21.07.2020 | LOGFILE Feature 29/2020

Certainty and challenges due to the new EU Medical Device Regulation

Substance-based medical devices

5 min. reading time | by Felix Tobias Kern


The differentiation between medical devices and medicinal products is a constant challenge for pharmaceutical manufacturers. Does my product meet the definition of a medical device according to the EU Medical Device Directive (MDD) or the definition of a medicinal product according to EU-Directive 2001/83 for medicinal products?

This is based on the main effect of the product. In contrast to medicinal products that act pharmacologically, immunologically or metabolically, the main effect of medical devices is achieved primarily by physical means. If both medical device and medicinal product are combined in one product, the corresponding principal effect is decisive for the classification of the product.

What are substance-based medical devices?

Substance-based medical devices are not initially perceived by patients as medical devices, as they are similar to a medicinal product in terms of their form of administration and appearance. An example of this is the tablet. When is a tablet a medicinal product and when is it a substance-based medical device? This is also based on the main effect of the product. For example, if the active ingredient in the tablet creates a physical barrier over the mucous membranes so that irritations are reduced, the tablet may be a material medical device. If, on the other hand, it causes a reduction in bacterial growth, for example through an antibiotic effect, the tablet is a medicinal product.

Examples of substance-based medical devices:

Solid, semi-solid and liquid preparations, such as:

  • Lozenges, Ultrasound gel,
  • Tear or saliva substitute fluids,
  • Seawater nasal spray,

which have no pharmacological effect on humans, but are used to detect and treat diseases.

How have substance-based medical products been treated so far?

Substance-based medical devices have not yet been duly recognised. The EU Commission had even considered removing them completely from the medical device law. In fact, the products are very relevant, especially in terms of health economics. Many of these products are over-the-counter and suitable for self-medication. They relieve the health care system extremely because patients try to treat themselves at their own expense before going to the doctor.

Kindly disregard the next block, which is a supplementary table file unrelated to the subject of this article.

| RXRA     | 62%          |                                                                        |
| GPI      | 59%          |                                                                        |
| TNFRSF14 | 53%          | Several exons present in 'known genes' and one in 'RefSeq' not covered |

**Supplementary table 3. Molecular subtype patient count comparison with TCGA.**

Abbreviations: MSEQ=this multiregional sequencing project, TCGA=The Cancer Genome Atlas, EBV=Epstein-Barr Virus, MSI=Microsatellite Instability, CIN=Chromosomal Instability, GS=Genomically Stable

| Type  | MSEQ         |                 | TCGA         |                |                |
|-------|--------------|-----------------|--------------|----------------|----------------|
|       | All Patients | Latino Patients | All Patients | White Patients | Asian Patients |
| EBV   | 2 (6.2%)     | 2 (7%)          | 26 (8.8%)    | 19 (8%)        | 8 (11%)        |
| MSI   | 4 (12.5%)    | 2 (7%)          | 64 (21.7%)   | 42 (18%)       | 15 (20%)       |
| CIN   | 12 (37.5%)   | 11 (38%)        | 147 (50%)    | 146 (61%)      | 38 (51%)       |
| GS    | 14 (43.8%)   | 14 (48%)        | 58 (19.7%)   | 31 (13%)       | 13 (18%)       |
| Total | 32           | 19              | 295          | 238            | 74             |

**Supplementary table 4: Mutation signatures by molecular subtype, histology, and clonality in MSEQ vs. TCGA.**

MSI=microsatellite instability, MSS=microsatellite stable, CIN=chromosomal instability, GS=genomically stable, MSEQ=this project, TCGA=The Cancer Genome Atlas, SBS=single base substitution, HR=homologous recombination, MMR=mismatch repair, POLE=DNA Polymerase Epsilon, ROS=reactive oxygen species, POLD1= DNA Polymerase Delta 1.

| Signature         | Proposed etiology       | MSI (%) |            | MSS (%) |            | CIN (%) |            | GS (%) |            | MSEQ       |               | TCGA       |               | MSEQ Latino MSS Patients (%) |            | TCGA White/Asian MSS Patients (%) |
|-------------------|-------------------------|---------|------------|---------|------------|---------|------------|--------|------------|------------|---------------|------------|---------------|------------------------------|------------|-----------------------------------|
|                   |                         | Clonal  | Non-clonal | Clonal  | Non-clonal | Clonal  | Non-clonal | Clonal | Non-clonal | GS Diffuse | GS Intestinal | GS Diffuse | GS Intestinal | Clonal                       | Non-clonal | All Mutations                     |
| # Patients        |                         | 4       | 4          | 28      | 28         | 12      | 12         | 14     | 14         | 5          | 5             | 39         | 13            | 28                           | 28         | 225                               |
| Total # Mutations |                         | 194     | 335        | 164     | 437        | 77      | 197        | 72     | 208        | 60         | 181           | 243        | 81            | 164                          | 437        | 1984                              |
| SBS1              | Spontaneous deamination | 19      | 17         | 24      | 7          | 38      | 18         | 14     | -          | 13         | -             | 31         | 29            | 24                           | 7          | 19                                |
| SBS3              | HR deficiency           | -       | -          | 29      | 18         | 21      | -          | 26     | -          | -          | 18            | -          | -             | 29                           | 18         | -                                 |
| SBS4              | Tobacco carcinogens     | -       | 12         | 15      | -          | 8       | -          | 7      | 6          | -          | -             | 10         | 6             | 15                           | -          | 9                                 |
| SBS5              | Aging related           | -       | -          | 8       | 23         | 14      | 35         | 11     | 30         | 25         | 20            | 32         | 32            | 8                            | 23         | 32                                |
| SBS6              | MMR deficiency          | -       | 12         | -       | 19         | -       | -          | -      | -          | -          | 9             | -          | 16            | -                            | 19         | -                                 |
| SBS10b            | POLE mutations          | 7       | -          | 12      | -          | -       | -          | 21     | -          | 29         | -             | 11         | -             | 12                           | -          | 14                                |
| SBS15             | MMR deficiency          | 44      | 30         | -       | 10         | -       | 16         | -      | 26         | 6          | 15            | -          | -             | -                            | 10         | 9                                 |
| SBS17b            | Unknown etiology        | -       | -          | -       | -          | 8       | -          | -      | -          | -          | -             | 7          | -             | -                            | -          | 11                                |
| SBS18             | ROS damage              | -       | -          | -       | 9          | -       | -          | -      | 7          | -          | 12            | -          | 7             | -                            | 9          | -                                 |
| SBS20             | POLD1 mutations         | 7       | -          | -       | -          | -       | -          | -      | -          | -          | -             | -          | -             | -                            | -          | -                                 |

What is the Medical Device Regulation (MDR)?

The MDR is a European regulation that does not have to be transposed into national law and is directly applicable in the member states of the European Union. The MDR replaces the two EU directives 93/42/EEC on medical devices and 90/385/EEC on active implantable medical devices. The introduction of MDR is intended, among other things, to harmonize European medical device law, provide legal certainty for manufacturers of medical devices and facilitate access to the European market for new medical devices.

What will the Medical Device Regulation (MDR) change with regard to substance-based medical products?

  1. The existence of the substance-based medical devices is confirmed and explicitly mentioned in the MDR with a new classification rule (Rule 21). This provides certainty for the manufacturers of these products that they can actually produce a substance-based medical device.
  2. Significant tightening of the classification of substance-based medical devices with the introduction of its own classification rule (now classification at least in Class IIa/IIb or Class III).
  3. Expected shortage of Notified Bodies: Due to the tightened classification of these products a conformity assessment procedure by the manufacturer himself is no longer sufficient. No substance-based medical devices will be assigned to Class I by the new classification rules. Accordingly, a new certification must be carried out together with a Notified Body. The number of Notified Bodies for substance-based medical devices in the EU is very limited.
  4. Extended requirements for quality management: This concerns, for example, risk management, post market follow-up system and stricter clinical trials and evaluations.
  5. Extended personnel requirements: This concerns, for example, the obligation to designate a responsible person and to prove their qualification to the authorities.

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